Stopover favorite Ponderosa returns for a Friday-night show at the Jinx, with Athens electro-pop duo Yip Deceiver.
The Atlanta-squatting Ponderosa roared from the gate with Moonlight Revival, an album that craftily marbled hard-edged Southern blues-rock with frilly guitar pop (think R.E.M. jamming with the Black Crowes).
In 2012, singer/songwriter Kalen Nash and his cronies were back with Pool Party, a reverb-drenched set of hooky space-rock that called to mind the echoey best of My Morning Jacket and/or Fleet Foxes.
The material was strong, the performances stronger, and Pool Party — with a few pointed exceptions — got the best reviews of any Georgia independent music that year.
This hard left turn, Nash told Connect last summer, was nothing more than a natural evolution.
We caught up with him again, from his home in Athens, just a few days ago.
We last spoke about a year ago. What's the year been like?
Kalen Nash: The last year we just toured nonstop. Right now, I've been home for 17 or 18 days. It feels like eternity, but it really hasn't been that long. You get home, and you're home for 14 days in a row and you're kinda like "What's going on?" because it feels so weird. We went out to Seattle, then meandered around the east coast for a little bit, went to Texas, hung out in L.A. for a couple weeks, just played a bunch of shows. We got to play a bunch of record stores and a lot of video blogs. There's so much going on around the country, in the independent music world, that was kinda undiscovered for us. It was a lot of fun.
How does that constant road grind affect your writing, and how you're thinking about the next record?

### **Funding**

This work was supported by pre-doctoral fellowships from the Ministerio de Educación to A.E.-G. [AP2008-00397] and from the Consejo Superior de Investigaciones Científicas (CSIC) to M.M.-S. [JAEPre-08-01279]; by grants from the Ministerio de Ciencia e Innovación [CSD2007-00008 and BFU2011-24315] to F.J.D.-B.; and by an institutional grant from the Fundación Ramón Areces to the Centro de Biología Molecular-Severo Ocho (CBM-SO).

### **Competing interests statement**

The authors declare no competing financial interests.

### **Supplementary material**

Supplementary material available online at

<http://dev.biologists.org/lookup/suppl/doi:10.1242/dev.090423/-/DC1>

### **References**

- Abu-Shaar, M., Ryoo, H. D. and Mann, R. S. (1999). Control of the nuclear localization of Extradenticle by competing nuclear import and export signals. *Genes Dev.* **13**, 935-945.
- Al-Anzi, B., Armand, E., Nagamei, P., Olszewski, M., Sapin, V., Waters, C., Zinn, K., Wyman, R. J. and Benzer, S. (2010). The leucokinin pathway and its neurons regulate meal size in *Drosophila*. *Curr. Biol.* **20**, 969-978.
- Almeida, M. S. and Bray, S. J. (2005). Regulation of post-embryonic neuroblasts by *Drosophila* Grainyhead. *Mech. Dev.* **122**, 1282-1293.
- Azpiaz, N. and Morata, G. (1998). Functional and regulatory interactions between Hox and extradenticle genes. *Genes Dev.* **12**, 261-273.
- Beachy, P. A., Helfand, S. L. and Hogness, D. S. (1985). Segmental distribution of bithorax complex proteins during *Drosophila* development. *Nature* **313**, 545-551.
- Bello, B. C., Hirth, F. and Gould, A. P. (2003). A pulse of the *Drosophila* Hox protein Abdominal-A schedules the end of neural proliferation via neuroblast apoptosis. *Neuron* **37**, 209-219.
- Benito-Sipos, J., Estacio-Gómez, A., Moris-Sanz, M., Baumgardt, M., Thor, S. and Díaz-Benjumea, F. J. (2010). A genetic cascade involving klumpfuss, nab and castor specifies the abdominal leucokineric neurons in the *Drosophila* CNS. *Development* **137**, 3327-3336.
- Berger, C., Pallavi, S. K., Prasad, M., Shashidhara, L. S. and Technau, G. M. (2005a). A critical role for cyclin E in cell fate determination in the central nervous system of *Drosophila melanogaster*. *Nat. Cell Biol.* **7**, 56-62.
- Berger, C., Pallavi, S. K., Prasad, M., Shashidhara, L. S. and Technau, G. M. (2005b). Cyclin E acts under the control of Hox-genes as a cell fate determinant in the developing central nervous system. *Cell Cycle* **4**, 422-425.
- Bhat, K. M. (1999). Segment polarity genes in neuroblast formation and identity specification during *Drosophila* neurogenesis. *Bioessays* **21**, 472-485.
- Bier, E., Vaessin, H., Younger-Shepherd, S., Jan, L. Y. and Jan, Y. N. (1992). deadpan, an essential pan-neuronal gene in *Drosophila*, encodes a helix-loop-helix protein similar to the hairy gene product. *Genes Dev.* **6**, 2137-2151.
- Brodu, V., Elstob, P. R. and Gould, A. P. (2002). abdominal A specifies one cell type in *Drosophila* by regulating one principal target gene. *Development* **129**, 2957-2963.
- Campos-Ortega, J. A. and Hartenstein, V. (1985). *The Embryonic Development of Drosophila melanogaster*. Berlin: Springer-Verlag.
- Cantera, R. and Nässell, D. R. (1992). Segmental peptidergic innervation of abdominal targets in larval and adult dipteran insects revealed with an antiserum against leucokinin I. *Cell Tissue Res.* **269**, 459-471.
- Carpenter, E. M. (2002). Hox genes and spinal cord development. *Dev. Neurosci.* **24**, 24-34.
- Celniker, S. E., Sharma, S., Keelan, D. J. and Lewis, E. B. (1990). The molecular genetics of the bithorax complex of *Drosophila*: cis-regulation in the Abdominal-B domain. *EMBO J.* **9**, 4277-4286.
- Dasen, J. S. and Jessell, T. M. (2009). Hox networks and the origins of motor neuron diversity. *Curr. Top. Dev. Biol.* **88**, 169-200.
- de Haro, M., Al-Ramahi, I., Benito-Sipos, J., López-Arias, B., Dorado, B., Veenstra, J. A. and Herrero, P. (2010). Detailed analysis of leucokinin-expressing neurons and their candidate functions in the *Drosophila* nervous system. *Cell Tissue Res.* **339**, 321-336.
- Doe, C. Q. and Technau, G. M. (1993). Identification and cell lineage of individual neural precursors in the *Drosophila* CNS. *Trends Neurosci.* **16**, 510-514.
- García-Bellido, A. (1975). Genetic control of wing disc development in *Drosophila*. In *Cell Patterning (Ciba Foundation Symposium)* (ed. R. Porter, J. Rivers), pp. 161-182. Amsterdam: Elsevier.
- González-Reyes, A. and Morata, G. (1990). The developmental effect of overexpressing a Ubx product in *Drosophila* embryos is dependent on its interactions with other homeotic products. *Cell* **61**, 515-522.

Kalen Nash: This tour was so hand-to-mouth, and a sleeping in Wal-Mart parking lots kind of deal, in that capacity it's a little bit of a creative halt. It's like you go into homeless survival mode. It's a little more of "Oh my God, I have to eat Taco Bell one more time," or "I hope this person doesn't have 17 cats when we show up to their house at 4 a.m." I think that's more of where this last run kind of put us in a head space.
You still find little areas where you can get off with your iPad and try to come up with some ideas. And when you have longer soundchecks and stuff like that, you can jam on new ideas and kind of fool around.
You don't really know what you're playing every night, because some places you're doing a 30-minute set, and sometimes you show up and they're like "Oh yeah, we need you guys for play for three hours." Whoa, shit, I don't know what we'll do for three hours, but we'll figure something out.
Still, Pool Party was pretty well-reviewed — and you've got New West Records on your team.
Kalen Nash: New West is the best. They're already talking about us doing the next record. That's a real crucial part of what we're doing. We don't ask much from them financially, except for putting out the records. With Pool Party, we were like "OK, this is our second record. We don't know where we're going from here." And really, before we could say anything, they were like "All right! Let's start planning to make another one." And we were like "Oh, thanks! Shit, this is awesome."
It was such a radical shift from its predecessor. Do you really have no idea what the next one will sound like?
Kalen Nash: I put out solo records, too, and I have other ventures, and I'd like to be able to put out records whenever I want. I think there's a perception that "This is the way the business works, and this is what has to happen for you to have success." I just don't look at it that way. I look at it more like an outlet of expression. Whatever we're feeling at the time, that's probably what we're going to record. Regardless of whatever is expected. We really don't see any kind of rules or parameters to abide by.
In other words, you don't have any idea what'll happen next?
Kalen Nash: [laughs] Yeah! No idea what it'll be. But I also don't really have a driving force inside of me that's like "You have to be this way, or you have to be this way." We're all very hands-on with recording. We love the aspect and the science behind recording just as much as making the music or writing the songs. Maybe not just as much, but it's pretty close. It's fascinating for us. We get to record things in different ways, we get to experiment, and do whatever we want to do, really.
And I think that's the privilege that you get — regardless of if I'm making money or not, I'm still going to be able to produce the art that I want to produce.